Wednesday, 30 September 2009

Mother country (Russell Taylor) 512

I thought this novel was absolutely stunning, and quite a contrast to Pillion Riders which I read the other week. Whilst I quite enjoyed Pillion Riders, I was truly gripped by this well-paced and exquisitely written novel.

The book opens:
'It is as if my entire early life were distilled in that one summer's afternoon and evening ...I had arrived at the cross-roads feeling oppressed by the heat, but as soon as I turned into the avenue, I felt cold ...'

The main character Antonia has returned home, after an absence of 20 years as her mother is dying. She has come to make her peace, but as soon as her sister Charlotte lets her in, it becomes obvious to us that this will not be easy.

The story, set predominantly in the 1960s, is cleverly told with passages alternating between the present where Antonia tries to come to grips with the current situation and her past, and the past (set in and after the Second World War) where we find out about Antonia's unhappy childhood and the destructiveness of her family relationships. These passages are constructed into chapters relating to her mother, Charlotte, Walter (her secret lover), her resolution of the situation and a "post-mortem" after her mother dies.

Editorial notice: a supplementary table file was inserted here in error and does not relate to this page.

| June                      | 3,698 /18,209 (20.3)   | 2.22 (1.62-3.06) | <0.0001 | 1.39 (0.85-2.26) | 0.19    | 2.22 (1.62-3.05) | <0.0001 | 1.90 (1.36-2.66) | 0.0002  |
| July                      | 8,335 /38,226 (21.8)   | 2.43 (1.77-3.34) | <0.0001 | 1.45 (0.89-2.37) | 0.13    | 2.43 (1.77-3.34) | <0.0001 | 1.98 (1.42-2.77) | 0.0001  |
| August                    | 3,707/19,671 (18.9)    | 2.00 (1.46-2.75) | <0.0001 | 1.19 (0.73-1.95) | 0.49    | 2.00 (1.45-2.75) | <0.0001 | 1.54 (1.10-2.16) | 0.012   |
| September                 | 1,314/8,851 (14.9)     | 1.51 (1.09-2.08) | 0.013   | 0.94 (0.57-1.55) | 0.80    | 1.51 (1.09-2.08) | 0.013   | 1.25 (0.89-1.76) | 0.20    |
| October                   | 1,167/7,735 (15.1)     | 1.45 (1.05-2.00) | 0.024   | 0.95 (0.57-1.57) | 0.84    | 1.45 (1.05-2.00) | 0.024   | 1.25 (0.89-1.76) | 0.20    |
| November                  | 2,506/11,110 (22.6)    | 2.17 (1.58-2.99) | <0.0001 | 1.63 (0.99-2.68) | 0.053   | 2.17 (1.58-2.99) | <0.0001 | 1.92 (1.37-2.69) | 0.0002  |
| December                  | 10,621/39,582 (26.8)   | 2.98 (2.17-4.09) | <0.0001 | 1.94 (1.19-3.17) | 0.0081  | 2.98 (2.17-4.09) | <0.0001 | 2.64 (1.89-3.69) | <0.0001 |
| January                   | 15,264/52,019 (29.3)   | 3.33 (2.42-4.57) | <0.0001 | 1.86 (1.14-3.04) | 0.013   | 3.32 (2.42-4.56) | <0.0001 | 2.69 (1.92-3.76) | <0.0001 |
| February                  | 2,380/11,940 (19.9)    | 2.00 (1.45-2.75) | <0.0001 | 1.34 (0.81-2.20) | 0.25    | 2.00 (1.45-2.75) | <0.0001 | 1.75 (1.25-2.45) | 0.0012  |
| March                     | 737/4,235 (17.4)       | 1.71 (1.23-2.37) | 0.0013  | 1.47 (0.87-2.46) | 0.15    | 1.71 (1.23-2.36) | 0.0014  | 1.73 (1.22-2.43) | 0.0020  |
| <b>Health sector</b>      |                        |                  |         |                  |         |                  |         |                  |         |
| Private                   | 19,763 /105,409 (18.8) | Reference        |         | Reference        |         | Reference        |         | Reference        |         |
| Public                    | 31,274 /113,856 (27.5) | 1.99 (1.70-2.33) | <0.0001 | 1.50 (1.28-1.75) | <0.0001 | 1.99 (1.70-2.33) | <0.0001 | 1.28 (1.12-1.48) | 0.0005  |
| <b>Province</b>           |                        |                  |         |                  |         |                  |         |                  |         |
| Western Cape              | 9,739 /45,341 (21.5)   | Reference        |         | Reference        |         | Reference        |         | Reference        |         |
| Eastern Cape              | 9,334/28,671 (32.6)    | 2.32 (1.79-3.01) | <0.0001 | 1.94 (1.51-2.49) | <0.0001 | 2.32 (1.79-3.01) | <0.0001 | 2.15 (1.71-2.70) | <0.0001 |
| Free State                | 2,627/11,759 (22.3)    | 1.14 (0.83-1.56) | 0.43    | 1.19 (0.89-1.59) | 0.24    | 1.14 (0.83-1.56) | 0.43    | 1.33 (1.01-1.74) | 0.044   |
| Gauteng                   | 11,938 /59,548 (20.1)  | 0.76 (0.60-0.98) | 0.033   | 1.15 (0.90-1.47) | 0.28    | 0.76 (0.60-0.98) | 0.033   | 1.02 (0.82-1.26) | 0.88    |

I thought that the writing was absolutely beautiful, and this book makes me determined to seek out more of Elisabeth Russell Taylor's work, even though the rest are not published as VMCs. I am sure she is a much overlooked author.

Just the one cover, above, issued in 2004, which I own.

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